Calculate height of objects

Knowing whether a tree has the potential to crash into your house

 March 31, 2016

Here is a classic scenario: Local would-be lumberjack decides to cut-down tall tree right beside house. Tree falls towards house. Disaster ensues. Others have a laugh at the homeowner's expense. This post will not help if you find yourself in a similar situation. Instead, this post will allow you to make an informed decision when that tree has a little bit of distance between itself and the house and its height makes the outcome a little blurry.

Tools you will need

Build a homebrew clinometer

If you are you going the phone-app. route or already have a clinometer, skip this part.

How to use the homebrew clinometer

Finding the height of the tree

In order to do this effectively, the area surrounding the tree needs to be flat-ground. Any slope will produce inaccurate results.

Tangent to the rescue

Tangent is a trigonometric function leveraging two-sides of a right triangle and is defined as: \(tan\theta = "opposite"/"adjacent"\). In our case, we know \(\theta\) (our clinometer reading) and the \("adjacent"\)-value (distance from inclination measurement to tree). To get \("opposite"\) (height), we just re-order the equation: \("opposite" = tan\theta * adjacent\).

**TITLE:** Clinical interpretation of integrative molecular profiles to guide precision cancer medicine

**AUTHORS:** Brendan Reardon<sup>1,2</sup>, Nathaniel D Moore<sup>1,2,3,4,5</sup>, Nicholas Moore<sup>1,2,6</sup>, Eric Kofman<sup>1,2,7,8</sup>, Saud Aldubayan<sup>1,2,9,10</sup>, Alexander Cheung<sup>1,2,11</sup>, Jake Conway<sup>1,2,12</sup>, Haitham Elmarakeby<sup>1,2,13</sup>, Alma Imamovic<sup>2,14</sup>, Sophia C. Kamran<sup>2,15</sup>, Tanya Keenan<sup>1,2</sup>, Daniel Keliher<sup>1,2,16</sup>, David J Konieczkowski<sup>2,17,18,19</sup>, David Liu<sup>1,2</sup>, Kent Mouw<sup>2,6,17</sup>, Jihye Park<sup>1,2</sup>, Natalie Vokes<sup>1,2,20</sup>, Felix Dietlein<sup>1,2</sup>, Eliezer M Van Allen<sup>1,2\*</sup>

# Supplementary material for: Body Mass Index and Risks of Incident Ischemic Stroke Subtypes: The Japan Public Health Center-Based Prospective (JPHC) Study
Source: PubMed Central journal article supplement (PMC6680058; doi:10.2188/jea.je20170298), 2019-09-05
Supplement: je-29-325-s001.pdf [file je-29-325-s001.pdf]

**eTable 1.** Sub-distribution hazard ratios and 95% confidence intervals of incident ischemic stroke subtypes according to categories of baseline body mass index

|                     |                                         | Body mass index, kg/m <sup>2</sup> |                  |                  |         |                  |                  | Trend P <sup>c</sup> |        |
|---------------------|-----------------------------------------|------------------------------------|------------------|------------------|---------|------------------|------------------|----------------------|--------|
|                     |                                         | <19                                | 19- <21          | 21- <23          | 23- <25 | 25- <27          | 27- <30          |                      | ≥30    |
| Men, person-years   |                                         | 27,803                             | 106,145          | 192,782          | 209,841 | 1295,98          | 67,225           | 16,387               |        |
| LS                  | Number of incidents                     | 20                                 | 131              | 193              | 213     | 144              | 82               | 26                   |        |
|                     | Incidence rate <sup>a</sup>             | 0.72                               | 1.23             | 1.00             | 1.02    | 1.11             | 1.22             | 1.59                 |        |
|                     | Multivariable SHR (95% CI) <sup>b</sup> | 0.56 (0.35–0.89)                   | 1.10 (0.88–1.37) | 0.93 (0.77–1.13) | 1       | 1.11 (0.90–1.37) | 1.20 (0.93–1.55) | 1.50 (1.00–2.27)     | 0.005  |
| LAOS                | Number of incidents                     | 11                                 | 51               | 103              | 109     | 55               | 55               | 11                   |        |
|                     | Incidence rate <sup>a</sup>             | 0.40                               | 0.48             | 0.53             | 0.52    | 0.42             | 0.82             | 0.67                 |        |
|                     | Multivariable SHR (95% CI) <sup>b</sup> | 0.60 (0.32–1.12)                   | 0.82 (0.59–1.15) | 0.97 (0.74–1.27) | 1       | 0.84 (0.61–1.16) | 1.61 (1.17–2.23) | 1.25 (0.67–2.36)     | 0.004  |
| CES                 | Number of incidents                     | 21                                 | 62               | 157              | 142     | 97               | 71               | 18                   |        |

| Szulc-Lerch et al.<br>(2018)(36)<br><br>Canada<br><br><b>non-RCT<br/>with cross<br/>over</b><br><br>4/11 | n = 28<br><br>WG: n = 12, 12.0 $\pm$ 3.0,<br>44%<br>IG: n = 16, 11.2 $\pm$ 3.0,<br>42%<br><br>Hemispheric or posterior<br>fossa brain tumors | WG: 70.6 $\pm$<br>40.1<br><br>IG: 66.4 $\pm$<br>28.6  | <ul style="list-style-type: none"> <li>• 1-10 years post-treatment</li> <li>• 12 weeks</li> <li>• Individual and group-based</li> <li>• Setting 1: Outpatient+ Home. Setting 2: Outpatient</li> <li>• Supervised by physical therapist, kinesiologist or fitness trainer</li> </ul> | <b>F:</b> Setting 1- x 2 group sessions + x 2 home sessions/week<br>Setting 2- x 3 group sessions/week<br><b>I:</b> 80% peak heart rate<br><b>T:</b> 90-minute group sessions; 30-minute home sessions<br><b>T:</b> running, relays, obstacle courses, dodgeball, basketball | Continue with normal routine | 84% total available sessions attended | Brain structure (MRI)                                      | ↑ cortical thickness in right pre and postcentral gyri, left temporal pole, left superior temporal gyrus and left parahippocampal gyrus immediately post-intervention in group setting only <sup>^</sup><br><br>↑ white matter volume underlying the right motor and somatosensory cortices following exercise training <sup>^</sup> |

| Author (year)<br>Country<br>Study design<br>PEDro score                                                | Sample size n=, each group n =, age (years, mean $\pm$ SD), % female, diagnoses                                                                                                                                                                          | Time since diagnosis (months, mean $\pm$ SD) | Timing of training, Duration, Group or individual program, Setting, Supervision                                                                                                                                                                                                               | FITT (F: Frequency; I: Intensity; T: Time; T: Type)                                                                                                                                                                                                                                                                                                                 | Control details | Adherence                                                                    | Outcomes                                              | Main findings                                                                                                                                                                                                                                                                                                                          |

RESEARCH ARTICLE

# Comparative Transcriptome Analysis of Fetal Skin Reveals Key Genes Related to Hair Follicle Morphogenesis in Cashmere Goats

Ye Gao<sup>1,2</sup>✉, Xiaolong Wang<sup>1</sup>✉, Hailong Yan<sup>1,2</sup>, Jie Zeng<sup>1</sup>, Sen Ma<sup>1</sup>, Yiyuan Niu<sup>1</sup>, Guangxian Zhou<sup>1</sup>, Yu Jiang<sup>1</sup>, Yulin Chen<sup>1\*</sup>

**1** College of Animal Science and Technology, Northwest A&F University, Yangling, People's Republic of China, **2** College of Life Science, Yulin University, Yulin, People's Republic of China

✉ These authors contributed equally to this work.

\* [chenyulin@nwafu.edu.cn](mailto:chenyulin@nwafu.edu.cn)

But wait, there's more...

Unless the clinometer reading took place on the ground, we need to add the height the reading occurred to our previous result. This is normally the distance from your eyes to the ground. For our example, we will go with fifty inches. Then, our estimated height becomes: \(24 ft. + 50 "in." = 28 ft. 2 "in."\). Lastly, take the estimated value and subtract from the previously obtained baseline.

45°–45°–90° rule

If you want to bypass using \(tan\), then use this shortcut. Given the sum of all interior angles of a triangle equal 180 and we already know one-angle of our imaginary triangle is ninety, then if our clinometer-angle is fourty-five, the remaining angle is also fourty-five. With these angles, the two sides of importance to us are equal. This means the only measurement needed is from the clinometer reading-point to the tree!


While both methods for calculating height are effective, they both depend on a couple factors:

The clinometer will most-likely be the greatest source of error. The further the reading moves away from fourty-five degrees, the greater the potential for error (\(tan45 = 1\)). If you are getting readings in the eighties, either you are dealing with a super tree, or you are just too close to the tree. Lastly, be careful and take several measurements. And remember, if you decide to cut down the tree, sometimes it is better to hire a professional.